15. ^ Krantz, David (5 Feb 2012). "Bittersweet Victory: Most of Samar Saved". Jewcology. 
  16. ^ Krantz, David (4 Feb 2011). "Power to the People? Energy Battle in Israel Pits Firms vs. Public Interest". Jewcology. 
  17. ^ Bronner, Ethan (30 March 2011). "Israel: Doubling Tax on Energy". The New York Times. 
  18. ^ a b c d e f Zion Waldoks, Ehud (18 June 2010). "WZO to boost environmental practices". The Jerusalem Post. 
  19. ^ Krantz, David (1 May 2011). "Israel: The New Saudi Arabia?". Jewcology. 
  20. ^ a b Herman, Arthur (27 Jan 2013). "Fracking means a new Middle East: Fracking to upend oil game". New York Post. 
  21. ^ Laylin, Tafline (5 March 2013). "Saudi Turns to Solar, Israel Stuck on Shale". Green Prophet. 
  22. ^ Krantz, David (17 March 2011). "Trees without Bulldozers: Environmental Justice for the Bedouin". Jewcology. 
  23. ^ "Jewish Energy Guide". Green Zionist Alliance. u.d. 
  24. ^ Krantz, David (19 Dec 2012). "Tikkun HaYam: Saving the Sea". Green Zionist Alliance. 
  25. ^ Krantz, David (11 Feb 2011). "Topsy-Turvy World: Environmental Campaign Relaunched". Jewcology. 
  26. ^ Krantz, David (6 Dec 2010). "After the fire: It's time to help — and heal". Jewcology. 
  27. ^ "Jewish Platform for a Just Farm Bill". Hazon. u.d. 
  28. ^ "Shmita Network". Hazon. u.d. 
  29. ^ "#ForwardOnClimate Rally Partner Organizations". Sierra Club. u.d. 
  30. ^ Seidenberg, David (21 Feb 2013). "Battling Climate Change, the Jewish Way". The Forward. 
  31. ^ "Members". New Yorkers Against Fracking. u.d.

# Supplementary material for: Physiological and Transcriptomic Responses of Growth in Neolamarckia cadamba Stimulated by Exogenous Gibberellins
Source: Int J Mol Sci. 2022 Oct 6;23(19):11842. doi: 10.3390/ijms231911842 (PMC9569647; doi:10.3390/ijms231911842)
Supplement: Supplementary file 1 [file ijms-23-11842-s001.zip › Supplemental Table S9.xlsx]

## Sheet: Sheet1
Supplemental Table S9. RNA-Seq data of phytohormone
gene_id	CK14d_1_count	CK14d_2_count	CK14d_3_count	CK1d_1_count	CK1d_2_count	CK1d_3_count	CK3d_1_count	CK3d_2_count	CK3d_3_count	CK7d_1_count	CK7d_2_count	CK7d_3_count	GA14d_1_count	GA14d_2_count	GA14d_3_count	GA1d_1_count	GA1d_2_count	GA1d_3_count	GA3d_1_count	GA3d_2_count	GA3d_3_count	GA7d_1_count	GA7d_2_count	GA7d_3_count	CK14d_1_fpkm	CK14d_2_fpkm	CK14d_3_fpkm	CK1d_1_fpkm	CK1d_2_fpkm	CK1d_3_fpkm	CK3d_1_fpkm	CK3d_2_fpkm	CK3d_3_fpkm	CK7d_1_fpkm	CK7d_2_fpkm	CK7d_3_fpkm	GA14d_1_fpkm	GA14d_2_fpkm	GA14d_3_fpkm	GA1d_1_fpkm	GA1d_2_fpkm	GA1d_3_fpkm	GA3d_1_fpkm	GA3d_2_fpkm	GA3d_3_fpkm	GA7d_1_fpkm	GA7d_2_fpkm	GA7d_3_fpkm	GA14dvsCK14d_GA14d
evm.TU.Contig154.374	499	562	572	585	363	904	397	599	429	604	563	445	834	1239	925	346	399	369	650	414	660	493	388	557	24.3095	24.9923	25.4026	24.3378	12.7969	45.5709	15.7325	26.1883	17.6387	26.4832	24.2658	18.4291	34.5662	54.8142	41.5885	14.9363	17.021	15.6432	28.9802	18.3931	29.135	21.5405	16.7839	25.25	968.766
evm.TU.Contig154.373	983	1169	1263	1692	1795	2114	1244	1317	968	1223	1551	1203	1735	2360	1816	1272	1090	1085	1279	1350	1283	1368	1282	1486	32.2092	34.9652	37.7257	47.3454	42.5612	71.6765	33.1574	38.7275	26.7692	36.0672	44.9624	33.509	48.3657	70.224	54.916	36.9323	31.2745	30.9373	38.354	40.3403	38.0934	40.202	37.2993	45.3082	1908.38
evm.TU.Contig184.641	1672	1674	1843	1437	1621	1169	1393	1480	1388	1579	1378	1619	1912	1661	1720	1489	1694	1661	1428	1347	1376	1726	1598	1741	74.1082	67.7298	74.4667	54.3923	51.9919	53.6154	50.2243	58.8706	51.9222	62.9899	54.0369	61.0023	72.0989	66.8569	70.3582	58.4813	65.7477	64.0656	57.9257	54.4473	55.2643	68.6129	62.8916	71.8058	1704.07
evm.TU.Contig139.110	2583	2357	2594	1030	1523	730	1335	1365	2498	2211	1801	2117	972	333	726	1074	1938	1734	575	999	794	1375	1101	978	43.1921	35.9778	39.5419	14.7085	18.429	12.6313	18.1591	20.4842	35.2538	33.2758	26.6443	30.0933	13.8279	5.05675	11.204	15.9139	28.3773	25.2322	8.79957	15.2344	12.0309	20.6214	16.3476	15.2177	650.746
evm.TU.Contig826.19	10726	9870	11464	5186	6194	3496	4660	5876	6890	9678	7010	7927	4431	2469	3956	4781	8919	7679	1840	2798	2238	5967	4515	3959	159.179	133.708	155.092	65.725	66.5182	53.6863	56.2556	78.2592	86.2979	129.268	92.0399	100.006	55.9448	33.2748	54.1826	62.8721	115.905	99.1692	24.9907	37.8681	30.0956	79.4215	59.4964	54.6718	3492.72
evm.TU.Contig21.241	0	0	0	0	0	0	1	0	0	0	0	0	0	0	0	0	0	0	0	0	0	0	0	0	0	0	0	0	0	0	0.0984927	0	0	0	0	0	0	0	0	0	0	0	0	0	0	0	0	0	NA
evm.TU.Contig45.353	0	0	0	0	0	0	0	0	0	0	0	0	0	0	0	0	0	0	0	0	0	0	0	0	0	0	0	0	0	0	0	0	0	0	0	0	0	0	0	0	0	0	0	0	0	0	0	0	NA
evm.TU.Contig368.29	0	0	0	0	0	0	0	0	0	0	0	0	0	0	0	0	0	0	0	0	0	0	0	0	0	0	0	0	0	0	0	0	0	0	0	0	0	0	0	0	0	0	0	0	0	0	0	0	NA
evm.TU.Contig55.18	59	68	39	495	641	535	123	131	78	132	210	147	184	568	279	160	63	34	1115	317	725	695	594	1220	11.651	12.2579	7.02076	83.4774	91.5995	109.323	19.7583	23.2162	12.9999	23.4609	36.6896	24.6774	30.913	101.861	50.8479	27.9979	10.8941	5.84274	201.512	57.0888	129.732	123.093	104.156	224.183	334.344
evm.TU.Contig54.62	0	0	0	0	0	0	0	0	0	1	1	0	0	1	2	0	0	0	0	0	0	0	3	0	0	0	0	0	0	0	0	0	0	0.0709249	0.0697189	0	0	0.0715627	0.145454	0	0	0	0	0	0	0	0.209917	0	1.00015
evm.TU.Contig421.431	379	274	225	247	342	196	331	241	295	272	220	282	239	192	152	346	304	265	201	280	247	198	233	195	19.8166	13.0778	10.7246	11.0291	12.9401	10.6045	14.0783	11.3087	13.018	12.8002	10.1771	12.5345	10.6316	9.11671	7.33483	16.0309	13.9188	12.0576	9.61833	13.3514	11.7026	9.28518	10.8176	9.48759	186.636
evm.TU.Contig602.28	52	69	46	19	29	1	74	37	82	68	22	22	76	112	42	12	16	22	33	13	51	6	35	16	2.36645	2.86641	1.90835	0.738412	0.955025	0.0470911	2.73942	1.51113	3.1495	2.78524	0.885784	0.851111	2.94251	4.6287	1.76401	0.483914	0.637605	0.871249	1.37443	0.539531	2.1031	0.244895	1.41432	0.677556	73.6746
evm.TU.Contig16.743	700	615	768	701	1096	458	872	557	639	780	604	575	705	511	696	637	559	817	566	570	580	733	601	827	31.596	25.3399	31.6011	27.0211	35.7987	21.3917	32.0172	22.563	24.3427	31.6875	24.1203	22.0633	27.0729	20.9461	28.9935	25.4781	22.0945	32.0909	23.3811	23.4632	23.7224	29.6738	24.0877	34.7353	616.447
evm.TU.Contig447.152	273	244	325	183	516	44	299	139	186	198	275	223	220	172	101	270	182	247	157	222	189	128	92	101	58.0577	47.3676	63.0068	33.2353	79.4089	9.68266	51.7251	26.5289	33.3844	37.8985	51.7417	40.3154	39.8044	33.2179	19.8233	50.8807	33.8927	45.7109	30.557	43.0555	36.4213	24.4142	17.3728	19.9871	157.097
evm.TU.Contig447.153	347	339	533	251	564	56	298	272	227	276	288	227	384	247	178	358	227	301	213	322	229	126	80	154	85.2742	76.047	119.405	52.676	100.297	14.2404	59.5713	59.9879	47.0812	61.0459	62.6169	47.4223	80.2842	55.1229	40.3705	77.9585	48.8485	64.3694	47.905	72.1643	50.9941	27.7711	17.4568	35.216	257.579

32. ^ Oster, Marcy (19 April 2012). "Coalition of U.S. Jewish environmental groups gets major funding". Jewish Telegraphic Agency. 
  33. ^ Sanchez, Sybil (4 April 2013). "Jews should back clean energy, not dirty future". Jewish News of Greater Phoenix. 
  34. ^ Krantz, David (15 Nov 2010). "Turning the General Assembly into a Green Assembly". Jewcology. 
  35. ^ "Programs". Green Zionist Alliance. u.d. 
  36. ^ "Taglit-Birthright Israel: Israel Experts — Green Israel Tour, Led by Hechalutz & the Green Zionist Alliance". GreenZionism.org. u.d. 
  37. ^ "Carbon-Neutral Eco-Trips to Israel". GreenZionism.org. u.d. 
  38. ^ "Yovel: The Green Zionist Alliance @ NYU". New York University. u.d. 
  39. ^ Aguilar, Terrina (6 March 2014). "how is directing settlement sewage runoff into Palestinian villages `green'?". Twitter. 
  40. ^ paiute023 (6 March 2014). "Monsters don't care bout land!". Twitter. 
  41. ^ Alfifi, Fahmi (6 March 2014). "Will I get to see the thousands of olive trees planted by Palestinian farmers that Zionist occupation have destroyed?". Twitter. 
  42. ^ Safadi, Rami (6 March 2014). "How is Zionism green when Israel has uprooted over 2.5 million olive trees since 1967?". Twitter. 
  43. ^ Stigset, Petter (7 March 2014). "The 'green' part refers to US dollars.". Twitter. 
  44. ^ Levi9909 (5 June 2006). "Not seeing the wood for the trees". Jews sans frontieres: An Anti-Zionist blog. 
  45. ^ Hasson, Nir (16 June 2010). "Head to Head / Hagai Merom, has the time come for the World Zionist Organization to end its historic role?". Haaretz.